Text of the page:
If you ask Illinoisans today what they know about Otto Kerner, who served as their governor from 1961 to 1968, they’d probably tell you that he spent time in prison, and that’s it. They wouldn’t know about his landmark work on mental health, about the creation of the state’s community college system, about his crucial role as head of Lyndon B. Johnson’s National Advisory Commission on Civil Disorders (known to history as the Kerner Commission), or a host of other accomplishments. In other words, it’s time for a thorough reassessment of one of Illinois’s most progressive governors of the 20th century.
He was a decorated soldier and a tough prosecutor. He governed a major state and helped the nation examine racial violence. He became a federal judge but wound up in federal prison.
Gov. Otto Kerner and his complex legacy will be the focus of a conference presented by the Abraham Lincoln Presidential Library and Museum and the Institute for Government and Public Affairs. Political experts, journalists and former Kerner aides will gather on Nov. 2 for a reassessment of Illinois’ 33rd governor.
Panels of experts will examine the goals and accomplishments of Kerner’s administration, his public and private personas, his conviction on corruption charges and the views of the journalists who covered him.
The public, particularly college students studying history or political science, is invited to attend this examination of an important Illinois figure.
The conference begins at 8:30 a.m. on Saturday, Nov. 2, at the Lincoln Presidential Library, 112 North Sixth St., Springfield. It includes lunch in the library atrium. Seating is limited.
Tickets are $35. Students with proper identification can attend free of charge. To buy tickets, please visit http://tinyurl.com/KernerTickets or call 217-558-8934.
“So many of Kerner’s achievements in multiple areas – mental health, school reform and especially civil rights – broke new ground and bettered people’s lives. We need to understand both his failures and his achievements,” said Eileen Mackevich, executive director of the Abraham Lincoln Presidential Library and Museum.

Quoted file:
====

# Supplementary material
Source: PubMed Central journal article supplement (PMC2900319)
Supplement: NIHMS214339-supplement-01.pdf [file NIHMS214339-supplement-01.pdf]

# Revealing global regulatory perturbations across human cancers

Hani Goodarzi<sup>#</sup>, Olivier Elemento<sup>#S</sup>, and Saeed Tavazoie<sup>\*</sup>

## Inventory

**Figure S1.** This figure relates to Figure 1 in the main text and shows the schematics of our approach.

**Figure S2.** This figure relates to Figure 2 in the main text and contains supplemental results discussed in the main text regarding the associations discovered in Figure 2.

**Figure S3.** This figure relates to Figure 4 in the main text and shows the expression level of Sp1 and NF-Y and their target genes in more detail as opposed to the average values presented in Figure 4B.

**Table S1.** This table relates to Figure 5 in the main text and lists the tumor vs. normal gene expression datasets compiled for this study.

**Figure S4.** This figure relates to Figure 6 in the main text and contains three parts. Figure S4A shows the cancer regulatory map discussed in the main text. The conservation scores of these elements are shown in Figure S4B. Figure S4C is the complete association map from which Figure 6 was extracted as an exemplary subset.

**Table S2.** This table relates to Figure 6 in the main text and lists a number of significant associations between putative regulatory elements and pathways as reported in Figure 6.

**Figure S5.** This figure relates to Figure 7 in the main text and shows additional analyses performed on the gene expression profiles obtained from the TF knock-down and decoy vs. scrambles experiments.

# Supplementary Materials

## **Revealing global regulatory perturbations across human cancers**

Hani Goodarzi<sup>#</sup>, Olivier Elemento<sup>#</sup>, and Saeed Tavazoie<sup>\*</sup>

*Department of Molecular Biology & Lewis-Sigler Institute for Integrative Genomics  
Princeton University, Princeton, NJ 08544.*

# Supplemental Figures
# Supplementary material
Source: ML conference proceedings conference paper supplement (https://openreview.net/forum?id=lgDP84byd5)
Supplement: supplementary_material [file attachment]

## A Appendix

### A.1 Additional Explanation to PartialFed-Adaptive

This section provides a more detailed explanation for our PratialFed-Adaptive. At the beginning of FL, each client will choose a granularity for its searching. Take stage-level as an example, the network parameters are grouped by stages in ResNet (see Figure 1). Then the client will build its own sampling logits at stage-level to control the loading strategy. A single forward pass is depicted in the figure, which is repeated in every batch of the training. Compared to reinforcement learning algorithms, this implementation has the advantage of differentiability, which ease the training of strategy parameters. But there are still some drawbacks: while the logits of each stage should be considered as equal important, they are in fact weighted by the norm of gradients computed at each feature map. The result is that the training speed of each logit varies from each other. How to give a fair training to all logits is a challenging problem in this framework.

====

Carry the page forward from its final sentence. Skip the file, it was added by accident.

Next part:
Kerner was a Chicago Democrat who won his first term in 1960. As governor, he modernized state services for the mentally ill and backed a statewide system of community colleges.
His name became a household word after President Lyndon Johnson chose him to lead the National Advisory Commission on Civil Disorders – known everywhere as the Kerner Commission. The panel examined the riots flaring up in African-American neighborhoods across the country, and it concluded that segregation and lack of economic opportunity were driving the nation "toward two societies, one black, one white – separate and unequal."
Kerner left the governor’s office soon after the report’s release and was appointed to the federal bench. But his time as a judge was cut short by accusations that, as governor, Kerner had accepted bribes in exchange for granting favorable racing dates for an Arlington Heights track.
He was convicted in 1973 for mail fraud, conspiracy, perjury and more. Today, however, some people question the case against him and the legal theory underlying the charges.
Abraham Lincoln Presidential Library & Museum
112 N. Sixth St.
Springfield, IL 62701
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